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The FOUR QUADRANTS of Dog Training Explained (with Examples)

The famous four quadrants of dog training, (also known as the four quadrants of operant conditioning and the four quadrants of consequences) include the terms positive reinforcement, negative reinforcement, positive punishment, and negative punishment.

The famous four quadrants of dog training, (also known as the four quadrants of operant conditioning and the four quadrants of consequences) include the terms positive reinforcement, negative reinforcement, positive punishment, and negative punishment. Today I break those terms down in an easy to understand manner. Whether you are a dog owner just trying to keep up with the jargon your trainer uses or you are interested in becoming a dog trainer or becoming a behavior consultant yourself, it’s helpful to understand these terms and how they apply to behavior modification.

To break this down, let’s start with the terms negative and positive. Don’t think of these in psychological terms as in something that is good or bad, rather mathematical terms as in removing something or adding something.

For example, if I add a cookie that’s positive. If I take a cookie away, that’s negative. Just like addition and subtraction.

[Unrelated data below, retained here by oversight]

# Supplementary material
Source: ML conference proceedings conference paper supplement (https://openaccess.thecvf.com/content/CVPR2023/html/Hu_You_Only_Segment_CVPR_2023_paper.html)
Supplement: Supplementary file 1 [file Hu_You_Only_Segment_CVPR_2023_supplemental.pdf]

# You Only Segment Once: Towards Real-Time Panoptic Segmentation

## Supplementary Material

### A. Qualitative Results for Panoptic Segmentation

Now onto reinforcement and punishment.

“Positive Punishment” Video I Reference: https://youtu.be/KaLUEoCq0Zo

Punishment is what is considered aversive. Aversive means uncomfortable/unpleasant for the dog. Punishment is meant to stop a behavior. Reinforcement means something encourages the dog. Reinforcement is meant to result in a behavior being repeated.

The tricky part in all of this is to remember that all dogs are individuals and what may be rewarding to one dog, may be aversive to another and what may be aversive to one dog, may have no effect on another whatsoever. What we relate as a “good thing” for our dog, the dog may not relate as a good thing. Dogs that shy away from petting are a good example. Humans tend to think that petting is always a sign of affection, however, for a dog that is uneasy about physical affection, it can be counterproductive to your behavior goals.

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